The law of Christ is given so that weak, ugly, animal man may be led to a gradual transformation by the power of the Spirit into the image of Christ.
It is only while, by constant effort, we are keeping our minds and thoughts directly focused on the Divine glory in the face of Jesus that essential process of spiritual transformation occurs. As soon as we look away, it stops.
Unhappily, it is only too possible to be in an ecclesia for years and years in a stagnant, preoccupied, self-satisfied state, and never make any progress in spiritual transformation. How much closer are we to this Divine image than we were a year ago? How much have we grown in godliness? How much better do we comprehend—and manifest before men—the mind of Christ? It is relatively easy to "talk the Truth" to others, but how much of its true and gentle and holy spirit do we show to them in our lives? That is "preaching the Truth" in its fullness.
What we call "doctrine" (although actually it is an artificial distinction, for all teaching and commands are doctrine)—what we call "doctrine" is truly important, yea, it is essential, but dead "doctrine" without the living spirit of holiness and love is but an ugly repulsive, rattling skeleton.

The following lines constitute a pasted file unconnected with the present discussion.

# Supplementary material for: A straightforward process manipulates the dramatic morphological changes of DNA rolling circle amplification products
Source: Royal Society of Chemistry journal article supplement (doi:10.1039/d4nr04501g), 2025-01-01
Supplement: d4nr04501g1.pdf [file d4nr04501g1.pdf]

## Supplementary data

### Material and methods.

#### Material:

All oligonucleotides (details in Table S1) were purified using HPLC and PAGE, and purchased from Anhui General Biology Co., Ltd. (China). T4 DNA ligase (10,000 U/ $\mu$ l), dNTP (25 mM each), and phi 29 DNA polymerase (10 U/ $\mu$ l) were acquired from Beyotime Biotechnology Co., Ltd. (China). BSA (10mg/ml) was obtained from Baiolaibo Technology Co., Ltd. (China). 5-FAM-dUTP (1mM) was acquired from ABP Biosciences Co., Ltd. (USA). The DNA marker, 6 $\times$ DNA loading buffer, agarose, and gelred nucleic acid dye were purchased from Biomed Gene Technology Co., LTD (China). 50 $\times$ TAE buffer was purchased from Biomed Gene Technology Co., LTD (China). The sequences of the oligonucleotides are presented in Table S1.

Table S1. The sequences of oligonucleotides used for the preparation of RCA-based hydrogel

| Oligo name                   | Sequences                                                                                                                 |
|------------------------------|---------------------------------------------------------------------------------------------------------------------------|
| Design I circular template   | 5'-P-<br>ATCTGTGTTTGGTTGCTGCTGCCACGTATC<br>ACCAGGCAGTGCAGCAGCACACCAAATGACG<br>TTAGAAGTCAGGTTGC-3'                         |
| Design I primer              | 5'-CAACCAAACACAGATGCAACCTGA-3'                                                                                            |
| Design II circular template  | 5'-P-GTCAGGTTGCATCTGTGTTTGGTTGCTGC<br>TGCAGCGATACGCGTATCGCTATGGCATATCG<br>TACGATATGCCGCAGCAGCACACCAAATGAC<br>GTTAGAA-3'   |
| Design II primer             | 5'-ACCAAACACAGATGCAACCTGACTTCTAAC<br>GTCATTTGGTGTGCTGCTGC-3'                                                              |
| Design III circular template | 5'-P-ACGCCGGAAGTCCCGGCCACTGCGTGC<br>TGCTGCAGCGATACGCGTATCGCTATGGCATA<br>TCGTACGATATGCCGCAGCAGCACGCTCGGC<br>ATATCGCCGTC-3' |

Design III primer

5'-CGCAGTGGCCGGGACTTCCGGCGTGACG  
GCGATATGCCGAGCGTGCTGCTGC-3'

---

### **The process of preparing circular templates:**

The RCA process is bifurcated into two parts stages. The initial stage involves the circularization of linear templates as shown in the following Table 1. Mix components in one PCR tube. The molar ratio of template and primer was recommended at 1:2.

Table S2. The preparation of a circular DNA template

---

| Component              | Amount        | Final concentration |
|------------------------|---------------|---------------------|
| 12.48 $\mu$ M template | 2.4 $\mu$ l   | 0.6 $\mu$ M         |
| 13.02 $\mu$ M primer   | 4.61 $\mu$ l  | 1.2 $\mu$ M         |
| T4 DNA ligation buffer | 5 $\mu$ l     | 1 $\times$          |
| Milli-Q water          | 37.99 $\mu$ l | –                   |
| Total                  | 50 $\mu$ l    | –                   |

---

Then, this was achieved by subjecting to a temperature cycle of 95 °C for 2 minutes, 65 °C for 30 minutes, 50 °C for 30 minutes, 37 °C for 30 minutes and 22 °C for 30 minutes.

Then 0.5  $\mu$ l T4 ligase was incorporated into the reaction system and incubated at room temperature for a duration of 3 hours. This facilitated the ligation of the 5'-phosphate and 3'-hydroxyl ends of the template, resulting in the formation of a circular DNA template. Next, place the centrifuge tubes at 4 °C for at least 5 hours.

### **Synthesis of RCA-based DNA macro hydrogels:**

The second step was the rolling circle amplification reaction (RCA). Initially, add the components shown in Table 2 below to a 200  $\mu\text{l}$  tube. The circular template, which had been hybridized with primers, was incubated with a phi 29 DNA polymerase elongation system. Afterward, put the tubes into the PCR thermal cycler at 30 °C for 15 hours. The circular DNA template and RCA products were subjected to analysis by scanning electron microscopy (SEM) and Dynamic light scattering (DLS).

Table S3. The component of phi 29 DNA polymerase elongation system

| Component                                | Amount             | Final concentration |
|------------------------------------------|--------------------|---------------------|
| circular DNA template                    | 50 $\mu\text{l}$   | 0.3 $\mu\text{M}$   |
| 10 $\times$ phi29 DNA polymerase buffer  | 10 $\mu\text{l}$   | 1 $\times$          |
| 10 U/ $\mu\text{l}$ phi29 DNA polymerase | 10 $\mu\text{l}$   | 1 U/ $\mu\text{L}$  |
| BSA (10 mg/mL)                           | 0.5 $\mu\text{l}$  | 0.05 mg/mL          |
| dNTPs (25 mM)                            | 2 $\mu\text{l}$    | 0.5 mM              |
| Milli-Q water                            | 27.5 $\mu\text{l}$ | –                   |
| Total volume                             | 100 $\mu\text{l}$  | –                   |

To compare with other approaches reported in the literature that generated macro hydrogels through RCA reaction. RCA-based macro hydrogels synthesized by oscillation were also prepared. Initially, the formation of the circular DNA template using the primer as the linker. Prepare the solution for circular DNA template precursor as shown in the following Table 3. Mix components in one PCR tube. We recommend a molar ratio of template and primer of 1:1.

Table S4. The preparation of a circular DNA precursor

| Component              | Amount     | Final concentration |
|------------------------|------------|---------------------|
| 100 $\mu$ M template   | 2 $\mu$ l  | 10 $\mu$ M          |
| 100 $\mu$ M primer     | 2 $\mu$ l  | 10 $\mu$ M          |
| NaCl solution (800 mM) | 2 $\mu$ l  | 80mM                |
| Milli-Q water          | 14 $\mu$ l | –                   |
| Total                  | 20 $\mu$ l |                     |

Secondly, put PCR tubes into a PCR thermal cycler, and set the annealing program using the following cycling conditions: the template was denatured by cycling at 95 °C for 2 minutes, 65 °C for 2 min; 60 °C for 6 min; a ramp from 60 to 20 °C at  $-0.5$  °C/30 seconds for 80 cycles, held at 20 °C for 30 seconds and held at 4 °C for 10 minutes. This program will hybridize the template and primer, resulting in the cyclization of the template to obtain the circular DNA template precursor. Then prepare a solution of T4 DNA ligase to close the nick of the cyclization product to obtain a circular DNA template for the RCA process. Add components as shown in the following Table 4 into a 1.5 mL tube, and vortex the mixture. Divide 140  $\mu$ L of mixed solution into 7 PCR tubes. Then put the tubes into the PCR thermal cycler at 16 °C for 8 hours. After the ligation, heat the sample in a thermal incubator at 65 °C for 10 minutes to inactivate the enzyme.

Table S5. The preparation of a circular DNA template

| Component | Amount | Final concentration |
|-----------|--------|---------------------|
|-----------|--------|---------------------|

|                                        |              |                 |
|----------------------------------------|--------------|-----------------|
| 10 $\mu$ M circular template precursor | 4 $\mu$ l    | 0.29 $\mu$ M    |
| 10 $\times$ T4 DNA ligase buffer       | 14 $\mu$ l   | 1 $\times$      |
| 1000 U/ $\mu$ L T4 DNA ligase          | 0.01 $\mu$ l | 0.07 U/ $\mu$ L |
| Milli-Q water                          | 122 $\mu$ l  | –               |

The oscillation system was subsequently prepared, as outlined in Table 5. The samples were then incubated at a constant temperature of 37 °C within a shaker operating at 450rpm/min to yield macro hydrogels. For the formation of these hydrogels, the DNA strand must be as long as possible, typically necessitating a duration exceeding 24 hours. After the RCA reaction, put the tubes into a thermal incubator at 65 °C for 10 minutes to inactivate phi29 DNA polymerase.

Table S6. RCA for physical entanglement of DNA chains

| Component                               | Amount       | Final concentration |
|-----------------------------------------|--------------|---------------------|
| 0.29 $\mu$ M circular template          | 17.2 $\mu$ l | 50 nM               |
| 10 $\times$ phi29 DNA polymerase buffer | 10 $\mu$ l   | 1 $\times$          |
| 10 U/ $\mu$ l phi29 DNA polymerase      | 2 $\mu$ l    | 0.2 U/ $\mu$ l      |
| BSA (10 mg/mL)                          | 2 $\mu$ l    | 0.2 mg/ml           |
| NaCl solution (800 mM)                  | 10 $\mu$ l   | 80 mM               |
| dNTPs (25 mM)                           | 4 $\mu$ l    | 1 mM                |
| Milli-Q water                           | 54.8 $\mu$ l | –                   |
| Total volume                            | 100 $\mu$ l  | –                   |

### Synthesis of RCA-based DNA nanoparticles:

What about those of us who have supposedly been going through this glorious, spiritual transforming process for 10, 20, 30, 40, or 50 or more years? What results have we to show? For in the end the sole test of the value and success of our lives will be—Has this process really occurred within us?
Paul says (v. 4, next ch.) speaking of some—
"In whom the god of this world hath blinded the minds of them which believe not, lest the light of the glorious Gospel of Christ, who is the image of God, should shine unto them."
Belief is a matter of action and way of life, not of words and profession, as James so searchingly points out. Is it possible that we are among those unfortunates whom the god of this world (the veil of the flesh) has blinded, so that we are missing in our lives the Divine, transforming glories of Christ?—
"If our Gospel be hid (veiled—it is the same word), it is hid to them that are lost" (v. 3).
It is so easy to have the Gospel, but to be veiled from its power. Israel is our great lesson to teach humility and carefulness. Though exposed to the direct glories of the Law for hundreds and hundreds of years—though memorizing and contending about every jot and tittle—they never reached the goal to which the Law was intended to lead them, because they had a "veil upon their heart."